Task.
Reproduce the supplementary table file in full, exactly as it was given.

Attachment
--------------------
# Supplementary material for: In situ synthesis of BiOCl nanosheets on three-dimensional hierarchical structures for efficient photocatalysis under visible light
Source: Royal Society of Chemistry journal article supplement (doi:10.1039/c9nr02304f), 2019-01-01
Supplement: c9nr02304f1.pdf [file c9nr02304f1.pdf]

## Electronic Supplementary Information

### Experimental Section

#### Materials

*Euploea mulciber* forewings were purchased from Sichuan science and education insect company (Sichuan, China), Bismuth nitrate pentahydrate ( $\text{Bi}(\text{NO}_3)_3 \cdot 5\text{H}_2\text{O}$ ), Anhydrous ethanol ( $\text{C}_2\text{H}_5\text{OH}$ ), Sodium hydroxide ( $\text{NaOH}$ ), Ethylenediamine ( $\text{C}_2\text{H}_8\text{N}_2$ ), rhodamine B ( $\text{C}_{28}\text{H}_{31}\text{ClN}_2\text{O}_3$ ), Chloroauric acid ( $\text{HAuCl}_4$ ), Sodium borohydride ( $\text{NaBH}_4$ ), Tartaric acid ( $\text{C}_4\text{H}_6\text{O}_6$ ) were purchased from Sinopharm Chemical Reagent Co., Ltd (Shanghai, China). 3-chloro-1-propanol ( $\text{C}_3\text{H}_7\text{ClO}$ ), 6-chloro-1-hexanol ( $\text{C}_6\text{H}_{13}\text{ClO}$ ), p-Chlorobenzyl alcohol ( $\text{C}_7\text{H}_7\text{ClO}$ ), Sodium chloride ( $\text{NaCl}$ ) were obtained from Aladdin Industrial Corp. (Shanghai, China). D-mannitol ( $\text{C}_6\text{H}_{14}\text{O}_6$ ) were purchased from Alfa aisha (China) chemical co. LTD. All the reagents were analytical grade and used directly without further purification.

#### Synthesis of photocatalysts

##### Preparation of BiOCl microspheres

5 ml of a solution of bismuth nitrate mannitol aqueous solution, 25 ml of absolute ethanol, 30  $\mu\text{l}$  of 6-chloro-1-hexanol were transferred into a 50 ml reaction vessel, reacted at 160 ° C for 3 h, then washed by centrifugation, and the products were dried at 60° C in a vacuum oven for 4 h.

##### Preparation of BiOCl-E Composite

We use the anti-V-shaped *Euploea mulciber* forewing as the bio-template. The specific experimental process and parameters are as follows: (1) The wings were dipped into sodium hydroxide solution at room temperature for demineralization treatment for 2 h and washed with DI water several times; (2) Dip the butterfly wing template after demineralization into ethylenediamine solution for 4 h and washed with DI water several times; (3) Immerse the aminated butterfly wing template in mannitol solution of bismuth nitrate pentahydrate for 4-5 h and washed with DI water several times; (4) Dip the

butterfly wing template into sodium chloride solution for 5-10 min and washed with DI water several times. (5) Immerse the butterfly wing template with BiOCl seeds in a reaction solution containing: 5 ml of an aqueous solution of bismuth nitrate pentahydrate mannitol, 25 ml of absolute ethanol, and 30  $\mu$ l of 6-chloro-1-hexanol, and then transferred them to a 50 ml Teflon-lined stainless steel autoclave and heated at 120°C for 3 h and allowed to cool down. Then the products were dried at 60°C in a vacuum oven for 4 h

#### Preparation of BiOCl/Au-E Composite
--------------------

# Supplementary material for: In situ synthesis of BiOCl nanosheets on three-dimensional hierarchical structures for efficient photocatalysis under visible light
Source: Royal Society of Chemistry journal article supplement (doi:10.1039/c9nr02304f), 2019-01-01
Supplement: c9nr02304f1.pdf [file c9nr02304f1.pdf]

## Electronic Supplementary Information

### Experimental Section

#### Materials

*Euploea mulciber* forewings were purchased from Sichuan science and education insect company (Sichuan, China), Bismuth nitrate pentahydrate ( $\text{Bi}(\text{NO}_3)_3 \cdot 5\text{H}_2\text{O}$ ), Anhydrous ethanol ( $\text{C}_2\text{H}_5\text{OH}$ ), Sodium hydroxide ( $\text{NaOH}$ ), Ethylenediamine ( $\text{C}_2\text{H}_8\text{N}_2$ ), rhodamine B ( $\text{C}_{28}\text{H}_{31}\text{ClN}_2\text{O}_3$ ), Chloroauric acid ( $\text{HAuCl}_4$ ), Sodium borohydride ( $\text{NaBH}_4$ ), Tartaric acid ( $\text{C}_4\text{H}_6\text{O}_6$ ) were purchased from Sinopharm Chemical Reagent Co., Ltd (Shanghai, China). 3-chloro-1-propanol ( $\text{C}_3\text{H}_7\text{ClO}$ ), 6-chloro-1-hexanol ( $\text{C}_6\text{H}_{13}\text{ClO}$ ), p-Chlorobenzyl alcohol ( $\text{C}_7\text{H}_7\text{ClO}$ ), Sodium chloride ( $\text{NaCl}$ ) were obtained from Aladdin Industrial Corp. (Shanghai, China). D-mannitol ( $\text{C}_6\text{H}_{14}\text{O}_6$ ) were purchased from Alfa aisha (China) chemical co. LTD. All the reagents were analytical grade and used directly without further purification.

#### Synthesis of photocatalysts

##### Preparation of BiOCl microspheres

5 ml of a solution of bismuth nitrate mannitol aqueous solution, 25 ml of absolute ethanol, 30  $\mu\text{l}$  of 6-chloro-1-hexanol were transferred into a 50 ml reaction vessel, reacted at 160 ° C for 3 h, then washed by centrifugation, and the products were dried at 60° C in a vacuum oven for 4 h.

##### Preparation of BiOCl-E Composite

We use the anti-V-shaped *Euploea mulciber* forewing as the bio-template. The specific experimental process and parameters are as follows: (1) The wings were dipped into sodium hydroxide solution at room temperature for demineralization treatment for 2 h and washed with DI water several times; (2) Dip the butterfly wing template after demineralization into ethylenediamine solution for 4 h and washed with DI water several times; (3) Immerse the aminated butterfly wing template in mannitol solution of bismuth nitrate pentahydrate for 4-5 h and washed with DI water several times; (4) Dip the

butterfly wing template into sodium chloride solution for 5-10 min and washed with DI water several times. (5) Immerse the butterfly wing template with BiOCl seeds in a reaction solution containing: 5 ml of an aqueous solution of bismuth nitrate pentahydrate mannitol, 25 ml of absolute ethanol, and 30  $\mu$ l of 6-chloro-1-hexanol, and then transferred them to a 50 ml Teflon-lined stainless steel autoclave and heated at 120°C for 3 h and allowed to cool down. Then the products were dried at 60°C in a vacuum oven for 4 h

#### Preparation of BiOCl/Au-E Composite